Competitive mechanisms: competing for resources and not for patients

As defined in Paauwe’s framework, this mechanism entails the product (e.g., service provisioning), market (competitiveness and economic fitness) and technology (innovation) contexts.

None of the respondents mentioned competition for patients. Neither were hospitals perceived to lose patients for reasons of quality or (limitations in) services provided: ‘We don’t lose customers because there is no competition (R8).’ This is likely caused by insufficient capacity to fully meet the demand for care, as can be witnessed in the treatment of admitted patients. For example, ‘Emergency departments have patients on recliners for several days (R11).’ As a result, hospitals appear to compete for scarce resources rather than for customers. Respondents particularly mention the competition for skilled health care professionals. Rural hospitals are most challenged in this competition: ‘Rural hospitals face a critical shortages of nurses, surgeons, radiologists, laboratory technicians, and ENT staff (R17).’ Likewise, public hospitals are perceived to struggle more than private hospitals, which offer better working conditions, such as a higher salary.

Innovation was hardly recognized as a relevant competitive factor. Most respondents reported little to no innovation due to budget shortages, high patient demands and government influence. Among the few exceptions mentioned in health service innovation are the introduction of renal transplantation and the placement of shipping containers to resolve room shortages (R5).

Interestingly, some hospitals have taken innovative approaches to improve their attractiveness as employers, again focusing on the competition for resources. For instance, they offered benefits for their employees, such as free medical services for all staff, a supermarket for personnel, or transportation services. In addition, hospitals tried to enhance their attractiveness as employers through HRM innovations such as increasing autonomy and job security, providing education, and introducing collaborative leadership (R11).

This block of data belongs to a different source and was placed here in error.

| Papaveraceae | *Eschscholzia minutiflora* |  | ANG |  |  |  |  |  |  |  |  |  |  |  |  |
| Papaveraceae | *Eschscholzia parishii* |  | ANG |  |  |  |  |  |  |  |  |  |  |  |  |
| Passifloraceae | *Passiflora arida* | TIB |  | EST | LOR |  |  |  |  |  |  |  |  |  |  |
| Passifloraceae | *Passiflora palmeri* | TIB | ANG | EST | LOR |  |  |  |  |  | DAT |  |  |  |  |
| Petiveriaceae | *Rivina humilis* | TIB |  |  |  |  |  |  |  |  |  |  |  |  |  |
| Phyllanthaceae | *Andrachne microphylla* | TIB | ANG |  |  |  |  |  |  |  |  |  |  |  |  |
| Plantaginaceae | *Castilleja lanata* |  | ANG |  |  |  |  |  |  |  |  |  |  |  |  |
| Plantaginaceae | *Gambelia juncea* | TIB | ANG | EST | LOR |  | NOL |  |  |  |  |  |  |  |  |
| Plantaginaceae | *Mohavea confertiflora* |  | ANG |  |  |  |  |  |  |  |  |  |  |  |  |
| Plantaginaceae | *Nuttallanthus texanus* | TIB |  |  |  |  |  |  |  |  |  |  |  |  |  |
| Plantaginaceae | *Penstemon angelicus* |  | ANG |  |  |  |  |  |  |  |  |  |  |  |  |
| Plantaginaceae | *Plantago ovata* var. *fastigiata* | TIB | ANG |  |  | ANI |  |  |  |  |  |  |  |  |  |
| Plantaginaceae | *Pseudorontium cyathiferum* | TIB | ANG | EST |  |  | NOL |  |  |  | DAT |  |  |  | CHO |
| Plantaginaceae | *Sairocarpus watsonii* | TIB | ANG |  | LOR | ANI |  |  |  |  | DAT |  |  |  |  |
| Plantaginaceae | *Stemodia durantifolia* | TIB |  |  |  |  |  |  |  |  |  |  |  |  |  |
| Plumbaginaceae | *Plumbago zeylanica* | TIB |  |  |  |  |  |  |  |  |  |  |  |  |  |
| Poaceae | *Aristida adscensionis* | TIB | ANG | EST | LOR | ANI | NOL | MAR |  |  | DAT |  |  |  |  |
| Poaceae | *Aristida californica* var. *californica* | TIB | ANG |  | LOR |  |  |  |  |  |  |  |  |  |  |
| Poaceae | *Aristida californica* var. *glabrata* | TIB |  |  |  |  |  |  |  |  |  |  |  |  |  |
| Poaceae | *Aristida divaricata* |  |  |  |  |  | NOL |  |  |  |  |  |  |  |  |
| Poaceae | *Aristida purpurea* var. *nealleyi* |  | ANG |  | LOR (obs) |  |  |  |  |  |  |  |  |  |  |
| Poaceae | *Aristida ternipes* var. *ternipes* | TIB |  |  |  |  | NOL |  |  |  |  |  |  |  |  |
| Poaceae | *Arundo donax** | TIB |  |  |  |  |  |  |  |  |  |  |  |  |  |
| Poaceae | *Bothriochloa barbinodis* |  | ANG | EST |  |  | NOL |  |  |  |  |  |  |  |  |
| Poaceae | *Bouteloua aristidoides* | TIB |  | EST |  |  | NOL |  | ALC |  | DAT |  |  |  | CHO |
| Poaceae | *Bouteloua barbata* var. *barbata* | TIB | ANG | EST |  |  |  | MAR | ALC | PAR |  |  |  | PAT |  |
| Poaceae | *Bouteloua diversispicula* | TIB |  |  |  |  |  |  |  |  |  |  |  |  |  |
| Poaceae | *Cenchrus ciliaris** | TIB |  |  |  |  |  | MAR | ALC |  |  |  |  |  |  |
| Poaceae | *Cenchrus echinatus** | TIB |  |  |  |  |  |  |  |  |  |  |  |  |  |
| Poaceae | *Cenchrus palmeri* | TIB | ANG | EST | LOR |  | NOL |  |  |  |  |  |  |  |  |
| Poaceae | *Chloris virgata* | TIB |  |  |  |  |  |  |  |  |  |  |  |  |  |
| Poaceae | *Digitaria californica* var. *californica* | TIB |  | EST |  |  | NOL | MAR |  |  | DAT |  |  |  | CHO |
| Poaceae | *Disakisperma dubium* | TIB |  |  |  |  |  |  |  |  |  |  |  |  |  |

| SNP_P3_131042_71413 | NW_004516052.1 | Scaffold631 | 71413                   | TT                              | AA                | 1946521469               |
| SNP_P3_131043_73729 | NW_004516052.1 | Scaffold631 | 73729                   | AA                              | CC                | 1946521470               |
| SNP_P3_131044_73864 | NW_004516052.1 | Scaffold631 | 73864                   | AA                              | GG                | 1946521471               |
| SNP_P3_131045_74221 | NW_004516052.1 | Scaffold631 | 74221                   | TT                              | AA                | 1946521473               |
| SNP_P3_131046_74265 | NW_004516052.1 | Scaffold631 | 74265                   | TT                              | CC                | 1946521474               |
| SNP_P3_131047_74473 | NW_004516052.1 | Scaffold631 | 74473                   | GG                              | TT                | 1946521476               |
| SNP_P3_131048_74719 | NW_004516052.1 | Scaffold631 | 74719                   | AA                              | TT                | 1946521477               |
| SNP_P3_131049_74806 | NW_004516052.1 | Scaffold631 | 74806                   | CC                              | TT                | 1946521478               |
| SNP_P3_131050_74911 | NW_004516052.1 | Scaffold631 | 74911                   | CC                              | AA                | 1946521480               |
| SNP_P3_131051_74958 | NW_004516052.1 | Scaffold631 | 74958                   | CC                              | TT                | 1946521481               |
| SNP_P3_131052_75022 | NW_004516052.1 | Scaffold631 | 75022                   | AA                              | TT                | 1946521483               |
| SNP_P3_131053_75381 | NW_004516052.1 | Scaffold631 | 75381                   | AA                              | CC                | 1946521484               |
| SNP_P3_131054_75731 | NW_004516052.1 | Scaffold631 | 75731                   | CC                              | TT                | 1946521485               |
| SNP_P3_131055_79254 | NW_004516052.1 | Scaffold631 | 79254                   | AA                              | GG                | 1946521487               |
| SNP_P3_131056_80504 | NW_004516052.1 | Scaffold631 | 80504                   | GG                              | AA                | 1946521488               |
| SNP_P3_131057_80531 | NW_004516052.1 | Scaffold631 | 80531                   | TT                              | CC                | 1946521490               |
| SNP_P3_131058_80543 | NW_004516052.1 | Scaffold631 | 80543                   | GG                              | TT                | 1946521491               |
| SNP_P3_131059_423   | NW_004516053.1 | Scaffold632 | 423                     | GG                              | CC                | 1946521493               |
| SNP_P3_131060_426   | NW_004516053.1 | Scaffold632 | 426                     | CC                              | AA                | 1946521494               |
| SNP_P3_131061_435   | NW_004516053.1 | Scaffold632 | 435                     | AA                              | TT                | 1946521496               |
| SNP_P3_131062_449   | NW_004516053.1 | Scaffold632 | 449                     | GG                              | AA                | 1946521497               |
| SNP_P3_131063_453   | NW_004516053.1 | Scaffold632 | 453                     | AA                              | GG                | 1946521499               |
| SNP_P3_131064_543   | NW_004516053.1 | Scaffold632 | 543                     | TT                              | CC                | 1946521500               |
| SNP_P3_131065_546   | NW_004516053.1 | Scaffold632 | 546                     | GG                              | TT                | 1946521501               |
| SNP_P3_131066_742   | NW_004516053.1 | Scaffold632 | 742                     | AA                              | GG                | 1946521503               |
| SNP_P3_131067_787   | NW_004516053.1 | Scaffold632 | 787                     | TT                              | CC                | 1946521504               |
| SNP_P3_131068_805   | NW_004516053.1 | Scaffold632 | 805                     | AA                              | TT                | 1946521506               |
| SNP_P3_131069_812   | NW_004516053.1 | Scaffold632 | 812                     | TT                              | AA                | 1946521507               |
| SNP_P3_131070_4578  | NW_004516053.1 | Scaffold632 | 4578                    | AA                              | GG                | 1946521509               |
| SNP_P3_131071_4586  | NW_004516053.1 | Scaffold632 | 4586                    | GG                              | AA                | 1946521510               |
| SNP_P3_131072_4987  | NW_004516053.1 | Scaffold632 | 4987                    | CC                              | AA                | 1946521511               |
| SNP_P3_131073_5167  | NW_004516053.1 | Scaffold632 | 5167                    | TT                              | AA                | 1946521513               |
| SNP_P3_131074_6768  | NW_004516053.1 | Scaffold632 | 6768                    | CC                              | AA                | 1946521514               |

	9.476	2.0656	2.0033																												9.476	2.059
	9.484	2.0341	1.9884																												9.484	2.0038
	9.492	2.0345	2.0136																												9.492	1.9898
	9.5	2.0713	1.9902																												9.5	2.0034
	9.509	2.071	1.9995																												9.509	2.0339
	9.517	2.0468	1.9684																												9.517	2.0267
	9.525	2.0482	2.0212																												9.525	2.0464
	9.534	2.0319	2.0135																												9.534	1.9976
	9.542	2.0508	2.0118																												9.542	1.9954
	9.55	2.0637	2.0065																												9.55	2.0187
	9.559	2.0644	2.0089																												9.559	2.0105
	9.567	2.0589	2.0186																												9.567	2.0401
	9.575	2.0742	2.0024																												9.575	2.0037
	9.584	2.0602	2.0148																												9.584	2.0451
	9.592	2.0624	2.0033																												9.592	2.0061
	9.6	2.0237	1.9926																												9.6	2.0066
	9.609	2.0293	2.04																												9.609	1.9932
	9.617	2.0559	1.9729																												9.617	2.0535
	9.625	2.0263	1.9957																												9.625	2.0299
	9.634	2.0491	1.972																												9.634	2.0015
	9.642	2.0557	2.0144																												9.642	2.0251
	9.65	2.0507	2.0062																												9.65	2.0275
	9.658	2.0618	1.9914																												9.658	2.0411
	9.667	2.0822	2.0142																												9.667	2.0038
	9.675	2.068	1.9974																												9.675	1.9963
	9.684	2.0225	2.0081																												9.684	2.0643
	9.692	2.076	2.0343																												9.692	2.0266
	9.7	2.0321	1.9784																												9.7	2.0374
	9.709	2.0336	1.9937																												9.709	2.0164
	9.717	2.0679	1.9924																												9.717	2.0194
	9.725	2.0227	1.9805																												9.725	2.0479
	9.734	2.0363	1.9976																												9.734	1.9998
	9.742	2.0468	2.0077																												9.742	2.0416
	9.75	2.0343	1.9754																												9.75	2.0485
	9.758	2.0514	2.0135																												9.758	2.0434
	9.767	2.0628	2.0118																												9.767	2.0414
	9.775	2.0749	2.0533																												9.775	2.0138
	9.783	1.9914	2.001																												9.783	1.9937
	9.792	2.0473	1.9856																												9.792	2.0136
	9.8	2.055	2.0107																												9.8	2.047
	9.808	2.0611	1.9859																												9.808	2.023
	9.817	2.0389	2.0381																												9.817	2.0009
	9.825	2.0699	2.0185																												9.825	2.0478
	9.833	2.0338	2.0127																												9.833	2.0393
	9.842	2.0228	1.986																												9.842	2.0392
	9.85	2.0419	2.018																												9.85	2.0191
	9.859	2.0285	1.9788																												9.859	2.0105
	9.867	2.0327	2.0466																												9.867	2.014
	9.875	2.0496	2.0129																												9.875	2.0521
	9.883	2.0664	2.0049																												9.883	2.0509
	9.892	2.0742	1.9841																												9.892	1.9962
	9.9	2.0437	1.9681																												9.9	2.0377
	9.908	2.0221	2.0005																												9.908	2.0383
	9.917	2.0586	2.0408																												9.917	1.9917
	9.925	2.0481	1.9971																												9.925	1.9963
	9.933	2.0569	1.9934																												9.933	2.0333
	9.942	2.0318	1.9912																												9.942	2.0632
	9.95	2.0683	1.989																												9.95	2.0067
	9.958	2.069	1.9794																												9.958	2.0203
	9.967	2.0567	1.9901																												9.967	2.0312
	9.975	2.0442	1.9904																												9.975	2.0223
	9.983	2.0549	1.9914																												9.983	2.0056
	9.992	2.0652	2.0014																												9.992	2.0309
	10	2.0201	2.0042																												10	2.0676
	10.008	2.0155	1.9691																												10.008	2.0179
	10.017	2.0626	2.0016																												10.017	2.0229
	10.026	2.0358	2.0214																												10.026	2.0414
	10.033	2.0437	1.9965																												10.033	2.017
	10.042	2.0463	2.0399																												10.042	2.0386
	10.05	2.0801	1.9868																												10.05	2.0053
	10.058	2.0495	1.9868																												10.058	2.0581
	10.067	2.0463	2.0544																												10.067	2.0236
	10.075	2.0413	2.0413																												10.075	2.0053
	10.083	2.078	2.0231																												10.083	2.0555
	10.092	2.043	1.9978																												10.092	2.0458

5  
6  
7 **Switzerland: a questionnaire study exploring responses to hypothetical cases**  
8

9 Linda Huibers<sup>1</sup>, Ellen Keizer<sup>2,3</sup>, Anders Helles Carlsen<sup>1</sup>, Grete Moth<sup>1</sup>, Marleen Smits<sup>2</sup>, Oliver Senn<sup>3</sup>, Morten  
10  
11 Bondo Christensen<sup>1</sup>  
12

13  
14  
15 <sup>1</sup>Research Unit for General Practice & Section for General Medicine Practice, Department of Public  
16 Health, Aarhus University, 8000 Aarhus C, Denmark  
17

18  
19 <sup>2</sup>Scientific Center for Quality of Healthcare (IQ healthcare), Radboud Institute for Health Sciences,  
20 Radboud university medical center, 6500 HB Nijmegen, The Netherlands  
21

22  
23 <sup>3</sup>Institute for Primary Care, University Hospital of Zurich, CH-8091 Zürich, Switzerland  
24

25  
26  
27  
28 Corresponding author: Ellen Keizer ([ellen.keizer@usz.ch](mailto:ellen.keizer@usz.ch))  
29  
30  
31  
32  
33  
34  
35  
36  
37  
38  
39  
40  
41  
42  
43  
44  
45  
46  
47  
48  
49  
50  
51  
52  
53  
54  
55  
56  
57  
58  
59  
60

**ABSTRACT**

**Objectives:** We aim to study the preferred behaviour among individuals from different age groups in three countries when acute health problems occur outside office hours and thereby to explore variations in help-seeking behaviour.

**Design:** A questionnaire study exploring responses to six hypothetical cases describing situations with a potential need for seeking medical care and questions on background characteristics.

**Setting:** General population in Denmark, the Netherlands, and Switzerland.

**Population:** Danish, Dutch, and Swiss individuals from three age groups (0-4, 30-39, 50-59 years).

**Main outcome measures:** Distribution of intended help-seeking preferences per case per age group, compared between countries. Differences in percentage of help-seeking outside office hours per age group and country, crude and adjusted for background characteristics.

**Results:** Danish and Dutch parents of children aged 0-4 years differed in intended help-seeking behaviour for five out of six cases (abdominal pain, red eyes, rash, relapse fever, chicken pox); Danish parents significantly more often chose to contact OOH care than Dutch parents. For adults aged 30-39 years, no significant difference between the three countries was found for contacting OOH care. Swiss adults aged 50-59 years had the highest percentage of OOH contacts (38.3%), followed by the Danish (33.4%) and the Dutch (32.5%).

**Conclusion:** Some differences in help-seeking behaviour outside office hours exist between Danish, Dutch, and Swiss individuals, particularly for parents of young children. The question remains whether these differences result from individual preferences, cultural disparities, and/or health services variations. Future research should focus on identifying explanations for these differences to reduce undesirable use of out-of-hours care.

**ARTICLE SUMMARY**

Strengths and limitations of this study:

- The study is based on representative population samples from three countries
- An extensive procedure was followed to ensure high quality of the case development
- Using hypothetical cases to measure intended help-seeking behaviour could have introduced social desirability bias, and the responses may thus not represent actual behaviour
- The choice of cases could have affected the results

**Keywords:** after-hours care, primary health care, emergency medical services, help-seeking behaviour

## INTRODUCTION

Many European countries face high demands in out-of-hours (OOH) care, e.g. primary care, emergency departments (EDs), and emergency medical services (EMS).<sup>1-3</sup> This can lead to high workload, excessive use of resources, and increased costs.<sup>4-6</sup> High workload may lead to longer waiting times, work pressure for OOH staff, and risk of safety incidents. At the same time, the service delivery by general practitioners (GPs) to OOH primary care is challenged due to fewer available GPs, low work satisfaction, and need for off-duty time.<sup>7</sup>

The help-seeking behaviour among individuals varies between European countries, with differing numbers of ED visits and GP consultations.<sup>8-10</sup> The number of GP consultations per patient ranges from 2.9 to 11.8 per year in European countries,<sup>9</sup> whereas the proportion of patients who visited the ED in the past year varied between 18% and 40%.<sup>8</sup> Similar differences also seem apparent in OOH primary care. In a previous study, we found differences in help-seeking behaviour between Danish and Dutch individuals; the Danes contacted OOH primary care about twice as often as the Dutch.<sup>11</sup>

Institutional mechanisms: the dominant role of the government

The institutional mechanisms mentioned in Paauwe’s framework are 1) institutional isomorphisms that influence decision making in organizations, 2) coercive mechanisms that emerge from power sources (e.g., government, employment legislation), and 3) normative mechanisms of adopting standards. They include sociocultural values and norms and the policy, legal and political context impacting strategic HRM practices. The findings for this component relate almost exclusively to the government.

The studied hospitals are subject to coercive pressures that result from government regulations. For instance, respondents frequently mention the influence of stringent regulations. Government regulations are perceived as set in stone and ‘are executed like the Quran and the Bible’ and pervasively impact daily practices in ‘hiring, salary, allowances, promotion, firing, disciplinary measures, as HR managers have no leeway to change them [regulations].’ In exceptional cases, these stringent and pervasive regulations are seen as beneficial and supportive. For instance, regulations to increase maternity leave from 3 to 4 months were perceived as positive, as they improved the quality of life of female workers (R16).

In general, however, respondents considered governmental regulation to be counterproductive. This is especially the case for regulations regarding financial incentives where payment differences that resulted from regulations were perceived as unfair. The respondents considered it to be especially discriminatory if payment differences occurred in cases perceived as comparable: